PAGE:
EPA plans to withdraw pollution regulations for seven Texas power plants

The U.S. Environmental Protection Agency said it plans to voluntarily withdraw a requirement that seven Texas coal-fired power plants reduce pollution, according to a filing with a federal appeals court.

The so-called regional haze rule is part of the Clean Air Act and was proposed two years ago with the goal of cleaning up the air in national parks. The act requires states to craft a plan to address air pollution, or else be forced to implement a plan compiled by the EPA. Texas declined to create a plan, and along with power plant owners took its objections to the EPA’s plan to court.

The EPA said it plans to soon file a motion to withdraw the regional haze rule with U.S. Fifth Circuit Court of Appeals, which is reviewing it. The agency is not expected to scrap the rule, but  rather to reevaluate its requirements  come back with a reworked  rule, according to the Sierra Club, a national environmental advocacy group. The original rule targeted sulfur dioxide pollution in national parks, and required that coal-fire power plants use scrubbers, air pollution control devices, to reduce emissions.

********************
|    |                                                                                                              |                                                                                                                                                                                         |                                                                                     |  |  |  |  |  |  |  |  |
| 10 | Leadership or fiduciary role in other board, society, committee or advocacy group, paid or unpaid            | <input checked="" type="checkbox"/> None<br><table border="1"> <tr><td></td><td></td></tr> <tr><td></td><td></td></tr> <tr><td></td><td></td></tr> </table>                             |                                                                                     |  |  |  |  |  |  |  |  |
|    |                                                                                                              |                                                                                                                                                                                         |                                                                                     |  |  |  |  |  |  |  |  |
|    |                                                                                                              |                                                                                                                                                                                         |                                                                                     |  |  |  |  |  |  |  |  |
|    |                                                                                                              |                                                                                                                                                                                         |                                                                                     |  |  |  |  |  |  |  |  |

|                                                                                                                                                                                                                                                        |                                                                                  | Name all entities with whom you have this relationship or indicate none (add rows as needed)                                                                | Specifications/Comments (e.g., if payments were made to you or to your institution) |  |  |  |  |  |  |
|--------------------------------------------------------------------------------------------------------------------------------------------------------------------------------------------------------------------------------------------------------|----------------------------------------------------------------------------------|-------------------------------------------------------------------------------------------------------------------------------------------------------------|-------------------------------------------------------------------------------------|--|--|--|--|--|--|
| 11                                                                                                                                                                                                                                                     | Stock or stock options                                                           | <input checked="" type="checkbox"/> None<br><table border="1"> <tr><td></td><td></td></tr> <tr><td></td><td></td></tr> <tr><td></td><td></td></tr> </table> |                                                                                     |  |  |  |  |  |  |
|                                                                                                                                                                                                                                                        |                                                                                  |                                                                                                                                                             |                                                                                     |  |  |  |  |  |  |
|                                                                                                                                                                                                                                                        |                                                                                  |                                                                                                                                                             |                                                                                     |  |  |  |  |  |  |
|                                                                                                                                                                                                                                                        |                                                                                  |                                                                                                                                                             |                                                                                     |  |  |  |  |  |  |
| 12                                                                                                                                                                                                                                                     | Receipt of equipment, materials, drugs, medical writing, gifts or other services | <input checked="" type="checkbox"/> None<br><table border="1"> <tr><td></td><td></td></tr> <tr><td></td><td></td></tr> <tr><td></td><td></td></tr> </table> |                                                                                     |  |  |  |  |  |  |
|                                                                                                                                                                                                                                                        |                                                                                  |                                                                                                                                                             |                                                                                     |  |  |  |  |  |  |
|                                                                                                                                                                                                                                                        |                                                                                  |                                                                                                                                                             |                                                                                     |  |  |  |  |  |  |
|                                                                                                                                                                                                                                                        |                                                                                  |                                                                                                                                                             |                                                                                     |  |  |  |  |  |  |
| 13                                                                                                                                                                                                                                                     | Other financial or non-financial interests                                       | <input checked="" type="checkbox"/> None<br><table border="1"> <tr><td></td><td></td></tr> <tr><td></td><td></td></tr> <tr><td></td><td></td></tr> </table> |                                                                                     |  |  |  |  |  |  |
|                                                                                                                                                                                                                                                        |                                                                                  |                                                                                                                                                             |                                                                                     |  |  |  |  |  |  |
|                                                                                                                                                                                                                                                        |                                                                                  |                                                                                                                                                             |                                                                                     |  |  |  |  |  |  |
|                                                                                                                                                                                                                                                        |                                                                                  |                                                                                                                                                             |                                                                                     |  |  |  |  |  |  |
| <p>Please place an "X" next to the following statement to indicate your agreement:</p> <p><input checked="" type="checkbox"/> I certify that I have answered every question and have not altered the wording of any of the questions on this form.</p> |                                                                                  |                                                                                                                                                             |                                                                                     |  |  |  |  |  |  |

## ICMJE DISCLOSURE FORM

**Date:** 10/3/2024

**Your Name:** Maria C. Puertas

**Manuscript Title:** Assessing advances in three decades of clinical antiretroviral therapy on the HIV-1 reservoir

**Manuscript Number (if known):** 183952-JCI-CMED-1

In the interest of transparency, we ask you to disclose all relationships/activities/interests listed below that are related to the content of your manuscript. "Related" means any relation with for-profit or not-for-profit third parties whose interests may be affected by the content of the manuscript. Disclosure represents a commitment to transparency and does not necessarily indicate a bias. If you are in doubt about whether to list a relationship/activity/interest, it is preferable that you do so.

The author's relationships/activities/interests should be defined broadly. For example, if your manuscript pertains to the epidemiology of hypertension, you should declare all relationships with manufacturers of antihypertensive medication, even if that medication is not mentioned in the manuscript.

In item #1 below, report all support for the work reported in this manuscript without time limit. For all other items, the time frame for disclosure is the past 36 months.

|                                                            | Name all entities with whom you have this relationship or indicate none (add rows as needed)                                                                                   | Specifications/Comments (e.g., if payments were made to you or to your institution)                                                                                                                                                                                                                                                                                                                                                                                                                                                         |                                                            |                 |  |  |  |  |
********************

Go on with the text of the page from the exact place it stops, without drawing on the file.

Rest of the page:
The rule would apply to seven power plants that the EPA claims affect air quality in Big Bend National Park and the Guadalupe Mountains National Park, the only two national parks in Texas. Big Bend is along the state’s western border with Mexico and the Guadalupe Mountains run along the Texas-New Mexico border.

Texas-based electric utility Luminant owns four of the power plants, Big Brown, Monticello, Martin Lake and Sandow, which are in north or east Texas. The other power plants are in southern and central Texas, including Coleto Creek, soon to be owned by the Houston-based energy company Dynegy, and Limestone, owned by NRG Energy. One West Texas power plant was also on the list, Tolk, owned by Xcel Energy.

Luminant and NRG declined comment. The other companies could not be immediately reached.

 

 

 

 

 

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